The Devil in a Convent

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The Devil in a Convent
Méliès, Le diable au couvent (Star Film 185-187) 3.jpg
Directed by Georges Méliès
Starring Georges Méliès
Release date
Running time
60 meters[1]
Country France
Language Silent

The Devil in a Convent (French: Le Diable au couvent), released in the UK as "The Sign of the Cross", or the Devil in a Convent, is an 1899 French short silent film directed by Georges Méliès.


According to some film critics, The Devil in a Convent parodies monastic life, suggesting a satirical view of the Catholic Church. Méliès almost certainly agreed with the anti-ecclesiastic emotions prevalent during the Dreyfus affair in 1898 and 1899; Méliès supported Alfred Dreyfus's case, while the Church opposed it.[2] Méliès made another religious satire, The Temptation of Saint Anthony, in the same year,[2] as well as his strongly pro-Dreyfus film series The Dreyfus Affair.[3]


The film may have been inspired in part by the phantasmagoria productions of the French magician Étienne-Gaspard Robert, known by the stage name "Robertson".[4] Méliès himself plays the Devil in the film.[5] The Devil in a Convent was likely the first Méliès film to take advantage of dissolves as a transition effect.[6]


The Devil in a Convent was released by Méliès's Star Film Company and is numbered 185–187 in its catalogues, which also specified the film's three scenes (1. Les nonnes, le sermon. 2. Les démons, le sabbat. 3. Le clergé, l'exorcisme).[1]

In 2010, the Cinémathèque Basque received a donation of a box of 35mm films, recovered by a private individual in 1995 from a garbage bin in Bilbao. The box was found to contain 32 films, including hand-colored prints of The Devil in a Convent and another 1899 Méliès film, The Mysterious Knight. Previously, these two films had only been available in black-and-white copies.[7] The hand-colored print of The Devil in a Convent was judged to be in too advanced a state of decomposition to be restored completely; however, the third scene of the film was in good enough condition to be restored. Both films were entrusted to the Filmoteca de Catalunya for restoration, under the supervision of two Méliès scholars, Roland Cosandey and Jacques Malthête.[7]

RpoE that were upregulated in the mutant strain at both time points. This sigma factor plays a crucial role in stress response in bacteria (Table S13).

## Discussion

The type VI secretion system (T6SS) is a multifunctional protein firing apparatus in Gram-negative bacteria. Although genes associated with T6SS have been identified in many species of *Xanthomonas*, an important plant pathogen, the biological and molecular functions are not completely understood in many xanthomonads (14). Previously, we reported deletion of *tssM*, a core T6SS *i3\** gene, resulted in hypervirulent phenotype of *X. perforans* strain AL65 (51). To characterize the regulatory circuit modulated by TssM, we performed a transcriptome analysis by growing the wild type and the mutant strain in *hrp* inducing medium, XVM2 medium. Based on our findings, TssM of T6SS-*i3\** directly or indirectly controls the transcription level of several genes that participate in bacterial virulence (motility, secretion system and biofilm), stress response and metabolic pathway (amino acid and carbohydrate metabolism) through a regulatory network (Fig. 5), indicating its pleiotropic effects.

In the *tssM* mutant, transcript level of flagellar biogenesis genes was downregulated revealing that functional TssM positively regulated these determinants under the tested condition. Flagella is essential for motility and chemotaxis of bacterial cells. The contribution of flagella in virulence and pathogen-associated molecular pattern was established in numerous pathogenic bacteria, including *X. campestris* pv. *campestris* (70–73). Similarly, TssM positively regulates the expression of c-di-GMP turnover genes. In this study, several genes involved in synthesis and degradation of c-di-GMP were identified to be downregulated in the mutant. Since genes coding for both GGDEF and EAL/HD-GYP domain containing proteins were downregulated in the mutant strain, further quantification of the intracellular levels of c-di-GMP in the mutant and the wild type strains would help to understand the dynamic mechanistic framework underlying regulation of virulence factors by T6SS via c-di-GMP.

1. ^ a b Malthête, Jacques; Mannoni, Laurent (2008), L'oeuvre de Georges Méliès, Paris: Éditions de La Martinière, p. 339, ISBN 9782732437323 
  2. ^ a b Frazer, John (1979), Artificially Arranged Scenes: The Films of Georges Méliès, Boston: G. K. Hall & Co., pp. 71–2, ISBN 0-8161-8368-6 
  3. ^ Ezra, Elizabeth (2000), Georges Méliès, Manchester: Manchester University Press, ISBN 0-7190-5395-1 
  4. ^ Jones, David J. (2011), Gothic Machine: Textualities, Pre-Cinematic Media and Film in Popular Visual Culture, 1670–1910, Cardiff: University of Wales Press, p. 151 
  5. ^ Malthête & Mannoni 2008, p. 95
  6. ^ Frazer 1979, p. 85
  7. ^ a b Quévrain, Anne-Marie (October 2014), "Deux films en couleurs de Georges Méliès retrouvés en Espagne!" (PDF), Cinémathèque Méliès: Lettre d'information (40): 5 

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